The basic accounting options for convertible debt

convertible debt instruments and computer screen of stocks

Start-ups and companies often rely on convertible debt to raise funds or benefit bondholders. We’re sharing some added insights and alternatives to help you navigate the challenges that may arise when accounting for convertible instruments. 

Understanding convertible debt instruments 

Convertible instruments are debt or equity instruments that either require or permit the investor to convert the instrument into equity securities of the issuer. Some convertible instruments are convertible only upon the occurrence of a specified contingent event, such as at an initial public offering. 

Convertible instruments are usually settled in the issuer’s common shares. If the conversion option is “in the money,” the shares are worth more than the par value of the instrument. Investors typically exercise the conversion option when it is in the money at (or close to) the instrument’s maturity date. 

If the issuer’s common stock price does not reach a level where the conversion option is “in the money,” the investor may decide not to exercise its option. This means the instrument will mature, and the investor will receive the par or stated value upon maturity.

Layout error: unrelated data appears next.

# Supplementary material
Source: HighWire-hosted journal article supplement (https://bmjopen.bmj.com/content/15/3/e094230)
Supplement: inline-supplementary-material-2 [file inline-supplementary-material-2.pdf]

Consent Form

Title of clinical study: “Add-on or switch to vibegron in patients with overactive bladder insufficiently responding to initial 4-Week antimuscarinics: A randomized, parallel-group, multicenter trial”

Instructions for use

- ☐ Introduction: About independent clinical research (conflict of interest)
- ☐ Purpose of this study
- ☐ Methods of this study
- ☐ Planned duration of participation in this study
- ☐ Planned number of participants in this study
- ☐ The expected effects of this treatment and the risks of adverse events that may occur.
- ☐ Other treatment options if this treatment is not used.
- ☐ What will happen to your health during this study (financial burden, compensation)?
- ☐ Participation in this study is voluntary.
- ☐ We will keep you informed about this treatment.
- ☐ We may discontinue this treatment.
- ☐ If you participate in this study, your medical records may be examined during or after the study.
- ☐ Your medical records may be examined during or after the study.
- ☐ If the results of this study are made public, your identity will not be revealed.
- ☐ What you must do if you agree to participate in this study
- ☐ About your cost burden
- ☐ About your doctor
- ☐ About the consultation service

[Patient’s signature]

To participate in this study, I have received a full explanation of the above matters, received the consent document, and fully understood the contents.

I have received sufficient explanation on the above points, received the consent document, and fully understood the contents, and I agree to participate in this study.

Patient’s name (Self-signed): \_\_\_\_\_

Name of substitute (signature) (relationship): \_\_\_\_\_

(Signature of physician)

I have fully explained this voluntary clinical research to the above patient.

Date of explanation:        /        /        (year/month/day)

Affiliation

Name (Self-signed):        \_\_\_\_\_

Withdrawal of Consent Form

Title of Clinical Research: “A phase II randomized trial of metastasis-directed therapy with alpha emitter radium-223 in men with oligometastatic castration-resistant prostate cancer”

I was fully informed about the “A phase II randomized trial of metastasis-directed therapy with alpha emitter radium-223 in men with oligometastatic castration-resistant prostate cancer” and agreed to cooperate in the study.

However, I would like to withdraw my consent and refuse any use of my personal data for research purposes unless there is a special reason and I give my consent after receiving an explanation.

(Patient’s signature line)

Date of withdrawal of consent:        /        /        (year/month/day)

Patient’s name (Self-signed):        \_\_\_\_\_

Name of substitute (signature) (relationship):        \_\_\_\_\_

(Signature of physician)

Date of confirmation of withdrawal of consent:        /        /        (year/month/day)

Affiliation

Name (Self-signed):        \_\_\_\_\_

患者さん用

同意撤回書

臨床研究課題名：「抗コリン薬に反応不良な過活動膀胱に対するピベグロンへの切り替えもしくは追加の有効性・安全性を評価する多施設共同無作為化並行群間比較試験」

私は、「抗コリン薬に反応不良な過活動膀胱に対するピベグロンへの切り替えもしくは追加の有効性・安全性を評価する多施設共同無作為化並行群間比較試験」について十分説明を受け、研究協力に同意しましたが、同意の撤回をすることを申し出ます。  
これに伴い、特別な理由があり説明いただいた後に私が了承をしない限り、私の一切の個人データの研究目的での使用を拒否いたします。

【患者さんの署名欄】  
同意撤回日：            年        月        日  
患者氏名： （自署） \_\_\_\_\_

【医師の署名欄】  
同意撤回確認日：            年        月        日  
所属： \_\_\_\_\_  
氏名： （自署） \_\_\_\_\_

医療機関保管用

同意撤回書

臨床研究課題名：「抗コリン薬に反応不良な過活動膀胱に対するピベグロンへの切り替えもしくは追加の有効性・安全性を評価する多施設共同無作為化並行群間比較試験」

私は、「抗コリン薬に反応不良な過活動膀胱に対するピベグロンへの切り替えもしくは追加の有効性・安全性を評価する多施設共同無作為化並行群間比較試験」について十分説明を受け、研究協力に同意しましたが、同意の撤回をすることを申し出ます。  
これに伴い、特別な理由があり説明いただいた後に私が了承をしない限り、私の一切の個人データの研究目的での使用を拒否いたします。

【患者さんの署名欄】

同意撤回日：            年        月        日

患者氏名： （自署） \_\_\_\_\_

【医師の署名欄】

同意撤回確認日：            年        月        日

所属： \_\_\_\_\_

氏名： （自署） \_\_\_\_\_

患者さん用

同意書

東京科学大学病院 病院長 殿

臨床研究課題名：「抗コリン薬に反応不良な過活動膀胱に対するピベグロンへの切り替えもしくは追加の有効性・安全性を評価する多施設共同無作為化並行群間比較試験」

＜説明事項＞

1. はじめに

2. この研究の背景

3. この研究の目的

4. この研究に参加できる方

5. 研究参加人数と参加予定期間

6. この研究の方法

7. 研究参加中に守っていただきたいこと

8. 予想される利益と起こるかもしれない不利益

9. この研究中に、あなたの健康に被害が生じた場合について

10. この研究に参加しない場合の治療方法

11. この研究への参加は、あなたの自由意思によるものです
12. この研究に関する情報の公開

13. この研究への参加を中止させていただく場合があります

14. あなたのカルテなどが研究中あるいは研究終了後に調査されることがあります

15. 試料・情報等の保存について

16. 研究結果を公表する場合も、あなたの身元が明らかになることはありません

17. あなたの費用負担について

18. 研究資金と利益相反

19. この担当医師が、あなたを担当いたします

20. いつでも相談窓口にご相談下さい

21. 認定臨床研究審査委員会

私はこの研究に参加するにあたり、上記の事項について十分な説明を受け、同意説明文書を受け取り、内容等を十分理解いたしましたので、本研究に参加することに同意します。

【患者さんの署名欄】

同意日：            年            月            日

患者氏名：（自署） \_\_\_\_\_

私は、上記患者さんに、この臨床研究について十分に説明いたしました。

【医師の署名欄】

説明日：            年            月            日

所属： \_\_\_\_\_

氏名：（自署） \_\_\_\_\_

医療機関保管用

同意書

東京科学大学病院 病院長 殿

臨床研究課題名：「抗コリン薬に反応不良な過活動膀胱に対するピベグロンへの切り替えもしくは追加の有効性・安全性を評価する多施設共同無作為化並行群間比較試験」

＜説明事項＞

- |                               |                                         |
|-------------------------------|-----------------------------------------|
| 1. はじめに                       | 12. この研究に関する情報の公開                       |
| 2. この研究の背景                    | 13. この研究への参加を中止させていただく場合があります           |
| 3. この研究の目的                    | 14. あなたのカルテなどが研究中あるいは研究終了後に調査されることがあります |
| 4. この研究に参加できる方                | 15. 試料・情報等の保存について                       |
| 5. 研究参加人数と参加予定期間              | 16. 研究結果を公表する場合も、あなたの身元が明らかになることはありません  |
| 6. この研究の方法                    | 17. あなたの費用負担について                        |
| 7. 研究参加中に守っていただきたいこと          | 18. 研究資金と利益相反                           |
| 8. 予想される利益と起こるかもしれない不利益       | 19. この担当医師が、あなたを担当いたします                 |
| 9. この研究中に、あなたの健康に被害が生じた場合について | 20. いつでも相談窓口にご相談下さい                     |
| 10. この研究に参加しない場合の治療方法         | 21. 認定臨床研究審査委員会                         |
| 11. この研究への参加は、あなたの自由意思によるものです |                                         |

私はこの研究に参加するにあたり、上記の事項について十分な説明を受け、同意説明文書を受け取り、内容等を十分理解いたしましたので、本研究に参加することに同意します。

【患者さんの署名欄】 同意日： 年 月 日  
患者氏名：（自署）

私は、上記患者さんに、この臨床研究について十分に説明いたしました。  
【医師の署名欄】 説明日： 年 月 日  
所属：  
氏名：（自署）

Accounting for convertible debt 

Determining the appropriate accounting for convertible debt requires a detailed understanding of the instrument’s terms. The terms of the convertible debt instrument may mandate a settlement method, or the reporting entity (or, less commonly, the investor) may have a choice of settlement. 

Example settlement methods for convertible debt instruments may include: 

  • Settlement upon conversion entirely in shares
  • Settlement in a combination of cash and shares 
  • Settlement entirely in cash (which is less common)

In addition, many convertible debt instruments contain multiple other provisions, such as put and call options or contingent interest features. These provisions should be assessed to determine whether to account for these features separately. 

Alternatives to accounting for convertible debt instruments 

The accounting for convertible instruments can be difficult to navigate and apply. There are five primary alternatives that may be appropriate. 

Adjusting for the fair value of the reporting entity’s stock 

Some convertible instruments pay a fixed monetary amount to the investor upon conversion. To do this, the instrument’s conversion price is adjusted for increases or decreases in the fair value of the reporting entity’s stock. These convertible instruments are considered stock-settled debt and are not convertible debt. 

Electing the fair value option